A change was soon to come with the arrival of King Chongjo, who showed interest in martial arts. In 1790 he ordered General Lee Duck Mu to compile a manual on all martial arts that existed in Korea. This manual rapidly became a classic. Even with his involvement, King Chongjo did not succeed in reversing the disinterest that his people showed for martial arts. But thanks to his manual, the techniques of the martial arts were preserved for future generations. With this disinterest in martial arts and an emphasis instead on military activities, neglect of national defense continued during the eighteenth and nineteenth centuries. There were no organized martial arts schools, and techniques were taught by father to son or by instructors to disciples in secret. The weakness of the military  made the country vulnerable. In 1909, Japan invaded Korea and took control. During the occupation, martial arts were forbidden. Having no arms to defend themselves, some Koreans continued to practice Tae Kyon in secret, and in this way Tae Kyon continued to survive and became even stronger. It was an important tool for Koreans to maintain their identity, values, and courage.

Along with the invasion, Koreans came into contact with a Japanese martial art, karate, as well as other Chinese martial arts. Many of their techniques were incorporated into Tae Kyon by Koreans, creating different styles of the art built on the principles of the Tang Soo Do and Kong Soo Do martial arts. After the liberation of Korea in 1945, Koreans were again able to practice their martial arts openly. The Japanese occupation had considerably modified the Korean martial arts, and so many masters were reunited to combine the different styles developed during the occupation ; this was an effort to recover traditional Tae Kyon as it had been prior to the influence of Japanese karate or Chinese styles on Korean culture. After many years of meetings and debates, the directors of the six most influential Korean schools came to an agreement on standardizing the technical teaching methods. Taekwondo was the name chosen to represent this new martial art. In Korean, tae means strikes delivered with the feet, kwon means strikes delivered with the fists, and do means the martial philosophy, the way of life.

As the country was now free, taekwondo could develop at the level of a sport. In October 1962 it was made an official activity at the Forty-third Korean National Games. In 1964 Master Chong Lee came to Canada to teach this martial art. He opened various schools in Quebec that extended into neighboring provinces and nurtured many world champions. Master Gilles R. Savoie became his student and later developed this martial art on the GaspeÅL Peninsula in the eastern part of Quebec. In January 1971 Dr. Un Young Kim was elected president of the Korean Taekwondo Association. He was deeply involved in the development of the discipline and wanted to raise awareness of taekwondo and make it the Korean national sport. In May 1973 he organized the World Taekwondo Federation to structure the evolution of the art to an international level. Under his presidency, the Kukkiwon was built in Seoul. The name means “national sports institute,” and the Kukkiwon became the world taekwondo training headquarters.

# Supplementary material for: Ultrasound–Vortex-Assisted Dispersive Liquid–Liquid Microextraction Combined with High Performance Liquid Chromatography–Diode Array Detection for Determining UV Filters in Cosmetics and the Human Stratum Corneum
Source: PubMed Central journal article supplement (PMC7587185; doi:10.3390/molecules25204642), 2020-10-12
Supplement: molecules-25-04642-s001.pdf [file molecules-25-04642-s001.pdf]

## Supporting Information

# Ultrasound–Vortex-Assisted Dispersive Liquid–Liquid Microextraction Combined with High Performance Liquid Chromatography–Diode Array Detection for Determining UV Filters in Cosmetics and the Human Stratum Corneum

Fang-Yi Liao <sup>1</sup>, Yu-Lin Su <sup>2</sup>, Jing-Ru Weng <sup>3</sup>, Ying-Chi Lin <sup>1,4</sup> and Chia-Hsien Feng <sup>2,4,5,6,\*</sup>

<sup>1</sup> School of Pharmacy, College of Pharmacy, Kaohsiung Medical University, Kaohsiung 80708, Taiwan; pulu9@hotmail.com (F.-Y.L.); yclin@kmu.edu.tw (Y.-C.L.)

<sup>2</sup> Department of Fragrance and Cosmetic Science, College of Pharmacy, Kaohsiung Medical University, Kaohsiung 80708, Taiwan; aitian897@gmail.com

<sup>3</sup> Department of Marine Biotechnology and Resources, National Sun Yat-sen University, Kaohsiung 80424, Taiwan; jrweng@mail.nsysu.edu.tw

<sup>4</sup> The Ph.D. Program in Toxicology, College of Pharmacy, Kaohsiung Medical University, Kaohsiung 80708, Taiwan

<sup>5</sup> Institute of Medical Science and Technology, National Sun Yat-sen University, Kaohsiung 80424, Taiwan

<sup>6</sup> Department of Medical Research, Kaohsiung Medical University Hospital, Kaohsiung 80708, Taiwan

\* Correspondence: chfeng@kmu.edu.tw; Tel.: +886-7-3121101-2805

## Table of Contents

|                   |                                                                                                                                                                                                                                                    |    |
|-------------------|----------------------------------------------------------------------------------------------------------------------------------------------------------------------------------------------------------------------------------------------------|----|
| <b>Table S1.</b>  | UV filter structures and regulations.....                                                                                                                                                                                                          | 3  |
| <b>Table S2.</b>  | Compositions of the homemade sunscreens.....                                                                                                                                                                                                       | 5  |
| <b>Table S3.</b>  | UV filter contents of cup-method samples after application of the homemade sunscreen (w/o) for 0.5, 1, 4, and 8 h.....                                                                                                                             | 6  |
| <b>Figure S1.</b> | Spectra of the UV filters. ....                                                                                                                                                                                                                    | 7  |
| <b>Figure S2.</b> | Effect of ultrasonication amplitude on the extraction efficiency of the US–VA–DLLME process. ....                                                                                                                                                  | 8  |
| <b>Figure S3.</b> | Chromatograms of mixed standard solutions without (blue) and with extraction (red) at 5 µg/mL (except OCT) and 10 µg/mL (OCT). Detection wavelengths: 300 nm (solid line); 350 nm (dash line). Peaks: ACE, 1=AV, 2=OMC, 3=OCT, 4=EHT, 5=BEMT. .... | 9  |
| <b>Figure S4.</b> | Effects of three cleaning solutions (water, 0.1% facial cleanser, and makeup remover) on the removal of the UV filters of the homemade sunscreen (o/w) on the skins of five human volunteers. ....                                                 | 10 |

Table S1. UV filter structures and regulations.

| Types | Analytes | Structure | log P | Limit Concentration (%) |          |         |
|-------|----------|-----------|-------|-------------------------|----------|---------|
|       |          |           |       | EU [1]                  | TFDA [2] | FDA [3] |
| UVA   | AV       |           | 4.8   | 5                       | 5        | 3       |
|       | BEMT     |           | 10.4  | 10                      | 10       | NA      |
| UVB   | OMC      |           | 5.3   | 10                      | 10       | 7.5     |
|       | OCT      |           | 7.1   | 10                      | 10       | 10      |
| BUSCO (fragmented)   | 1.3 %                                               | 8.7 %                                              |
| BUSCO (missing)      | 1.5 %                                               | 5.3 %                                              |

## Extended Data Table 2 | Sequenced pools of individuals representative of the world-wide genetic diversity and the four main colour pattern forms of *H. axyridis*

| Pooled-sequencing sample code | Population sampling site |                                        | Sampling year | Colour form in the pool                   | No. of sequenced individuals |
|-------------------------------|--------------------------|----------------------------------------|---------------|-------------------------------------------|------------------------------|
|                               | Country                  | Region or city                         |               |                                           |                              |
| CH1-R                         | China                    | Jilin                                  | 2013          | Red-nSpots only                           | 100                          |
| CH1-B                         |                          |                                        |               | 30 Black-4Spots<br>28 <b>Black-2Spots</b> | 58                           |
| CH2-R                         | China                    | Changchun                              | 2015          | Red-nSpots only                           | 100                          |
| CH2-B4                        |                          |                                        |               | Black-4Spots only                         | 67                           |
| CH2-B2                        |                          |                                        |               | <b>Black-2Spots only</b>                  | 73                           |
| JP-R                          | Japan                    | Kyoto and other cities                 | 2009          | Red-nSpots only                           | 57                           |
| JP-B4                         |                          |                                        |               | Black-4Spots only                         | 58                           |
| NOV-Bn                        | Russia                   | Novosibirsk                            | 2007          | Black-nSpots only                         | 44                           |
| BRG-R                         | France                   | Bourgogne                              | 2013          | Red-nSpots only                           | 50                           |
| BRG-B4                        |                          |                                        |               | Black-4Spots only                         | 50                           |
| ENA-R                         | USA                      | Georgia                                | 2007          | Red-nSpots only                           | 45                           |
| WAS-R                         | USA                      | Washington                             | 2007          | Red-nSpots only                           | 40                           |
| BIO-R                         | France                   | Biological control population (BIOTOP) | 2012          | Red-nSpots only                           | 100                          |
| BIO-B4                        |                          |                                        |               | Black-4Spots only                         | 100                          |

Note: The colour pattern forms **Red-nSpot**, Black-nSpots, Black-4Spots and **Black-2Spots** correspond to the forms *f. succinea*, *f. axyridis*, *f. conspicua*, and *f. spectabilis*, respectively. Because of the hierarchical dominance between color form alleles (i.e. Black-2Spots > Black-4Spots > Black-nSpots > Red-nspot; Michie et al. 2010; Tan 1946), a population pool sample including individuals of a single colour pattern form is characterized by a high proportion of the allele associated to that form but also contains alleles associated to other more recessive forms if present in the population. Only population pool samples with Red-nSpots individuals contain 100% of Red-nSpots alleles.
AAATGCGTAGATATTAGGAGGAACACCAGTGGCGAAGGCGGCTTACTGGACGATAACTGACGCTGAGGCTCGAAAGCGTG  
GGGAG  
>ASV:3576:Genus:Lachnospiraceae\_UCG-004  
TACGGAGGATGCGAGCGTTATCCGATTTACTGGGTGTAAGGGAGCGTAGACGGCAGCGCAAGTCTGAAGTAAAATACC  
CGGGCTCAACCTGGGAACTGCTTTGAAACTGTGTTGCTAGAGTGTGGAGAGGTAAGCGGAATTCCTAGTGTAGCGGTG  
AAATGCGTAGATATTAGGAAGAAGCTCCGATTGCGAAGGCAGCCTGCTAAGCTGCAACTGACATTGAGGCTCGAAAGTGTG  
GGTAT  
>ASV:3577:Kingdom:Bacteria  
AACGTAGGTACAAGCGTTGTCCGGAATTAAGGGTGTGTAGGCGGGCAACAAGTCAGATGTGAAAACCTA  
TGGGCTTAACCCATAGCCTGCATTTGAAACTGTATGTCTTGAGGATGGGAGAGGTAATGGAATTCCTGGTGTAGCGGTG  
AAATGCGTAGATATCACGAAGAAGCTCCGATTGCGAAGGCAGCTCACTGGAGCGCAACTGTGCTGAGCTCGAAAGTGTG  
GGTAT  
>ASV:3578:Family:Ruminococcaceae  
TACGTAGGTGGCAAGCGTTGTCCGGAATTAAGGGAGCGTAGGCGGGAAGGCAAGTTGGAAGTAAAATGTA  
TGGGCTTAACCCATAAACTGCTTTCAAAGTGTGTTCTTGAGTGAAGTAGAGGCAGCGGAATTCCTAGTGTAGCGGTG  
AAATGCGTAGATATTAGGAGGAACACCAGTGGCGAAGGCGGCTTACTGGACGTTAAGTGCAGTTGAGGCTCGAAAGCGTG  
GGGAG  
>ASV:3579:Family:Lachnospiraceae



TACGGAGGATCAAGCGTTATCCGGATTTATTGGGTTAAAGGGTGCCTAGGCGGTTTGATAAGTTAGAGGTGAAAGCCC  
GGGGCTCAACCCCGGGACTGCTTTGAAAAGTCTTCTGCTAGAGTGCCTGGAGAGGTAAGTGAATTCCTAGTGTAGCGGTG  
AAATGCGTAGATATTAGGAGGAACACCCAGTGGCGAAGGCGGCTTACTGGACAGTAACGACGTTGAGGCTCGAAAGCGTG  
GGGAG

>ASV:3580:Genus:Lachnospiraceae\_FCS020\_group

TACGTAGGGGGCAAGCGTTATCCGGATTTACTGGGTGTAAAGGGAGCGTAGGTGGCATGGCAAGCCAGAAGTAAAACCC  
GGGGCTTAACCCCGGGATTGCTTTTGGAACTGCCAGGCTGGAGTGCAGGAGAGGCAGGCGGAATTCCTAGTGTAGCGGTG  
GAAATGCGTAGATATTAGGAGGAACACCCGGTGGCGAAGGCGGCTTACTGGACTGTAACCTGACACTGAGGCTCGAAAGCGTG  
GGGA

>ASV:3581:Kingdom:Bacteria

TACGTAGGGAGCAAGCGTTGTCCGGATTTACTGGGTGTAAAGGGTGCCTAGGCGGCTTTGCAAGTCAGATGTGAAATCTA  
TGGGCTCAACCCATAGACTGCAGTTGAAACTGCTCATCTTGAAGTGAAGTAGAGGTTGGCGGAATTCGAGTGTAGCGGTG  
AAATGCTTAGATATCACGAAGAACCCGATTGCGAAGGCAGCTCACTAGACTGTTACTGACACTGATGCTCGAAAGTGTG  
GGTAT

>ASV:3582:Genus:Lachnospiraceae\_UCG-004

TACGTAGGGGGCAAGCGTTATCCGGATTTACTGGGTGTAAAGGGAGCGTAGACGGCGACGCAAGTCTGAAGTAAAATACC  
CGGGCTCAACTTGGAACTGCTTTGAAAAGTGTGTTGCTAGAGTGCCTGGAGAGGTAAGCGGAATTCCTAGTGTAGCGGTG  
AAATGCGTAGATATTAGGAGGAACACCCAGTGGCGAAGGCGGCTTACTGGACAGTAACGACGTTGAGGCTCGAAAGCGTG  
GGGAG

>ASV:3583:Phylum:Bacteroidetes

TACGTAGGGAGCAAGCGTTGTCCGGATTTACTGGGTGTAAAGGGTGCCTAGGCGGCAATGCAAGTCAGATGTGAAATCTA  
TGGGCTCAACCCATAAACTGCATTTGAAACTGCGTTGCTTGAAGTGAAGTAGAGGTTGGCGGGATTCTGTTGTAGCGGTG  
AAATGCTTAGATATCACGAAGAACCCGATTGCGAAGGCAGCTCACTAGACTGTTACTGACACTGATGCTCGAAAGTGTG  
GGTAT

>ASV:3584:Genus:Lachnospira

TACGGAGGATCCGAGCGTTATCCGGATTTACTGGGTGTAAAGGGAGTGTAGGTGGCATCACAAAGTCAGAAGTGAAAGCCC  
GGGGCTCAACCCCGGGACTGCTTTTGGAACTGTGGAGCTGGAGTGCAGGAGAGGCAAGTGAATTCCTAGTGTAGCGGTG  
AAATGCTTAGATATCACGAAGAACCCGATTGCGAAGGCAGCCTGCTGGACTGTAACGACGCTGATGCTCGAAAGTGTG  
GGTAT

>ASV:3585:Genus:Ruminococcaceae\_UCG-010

In 1975 the World Taekwondo Federation became official at the General Assembly of International Sports Federations. Taekwondo became an official sport at the International Military Sports Council in 1976. And in 1980 taekwondo was elevated to an Olympic sport by the International Olympic Committee. On June 11, 2004, Dr. Chungwon Choue was nominated president of the World Taekwondo Federation. He created a reform committee with the goal of making the sport more exciting and appealing to global audiences by revamping the sport’s world governing body. Taekwondo enjoys wide popularity mainly due to the visibly spectacular feats in sparring, board-breaking demonstrations, and self-defense. We also now know that Buddhist techniques of meditation and concentration elevated taekwondo to a superior level from that of a simple sport.

Taekwondo is an official discipline in the Pan-American Games and in the Olympic Games. Its spiritual side, its relationship with meditation techniques, and its nonviolent Buddhist principles intrigue and attract more and more enthusiasts. In the modern world, where stress takes an increasing toll on us and with self realization hard to attain, traditional taekwondo has the potential to extend its history for the well-being of its enthusiasts.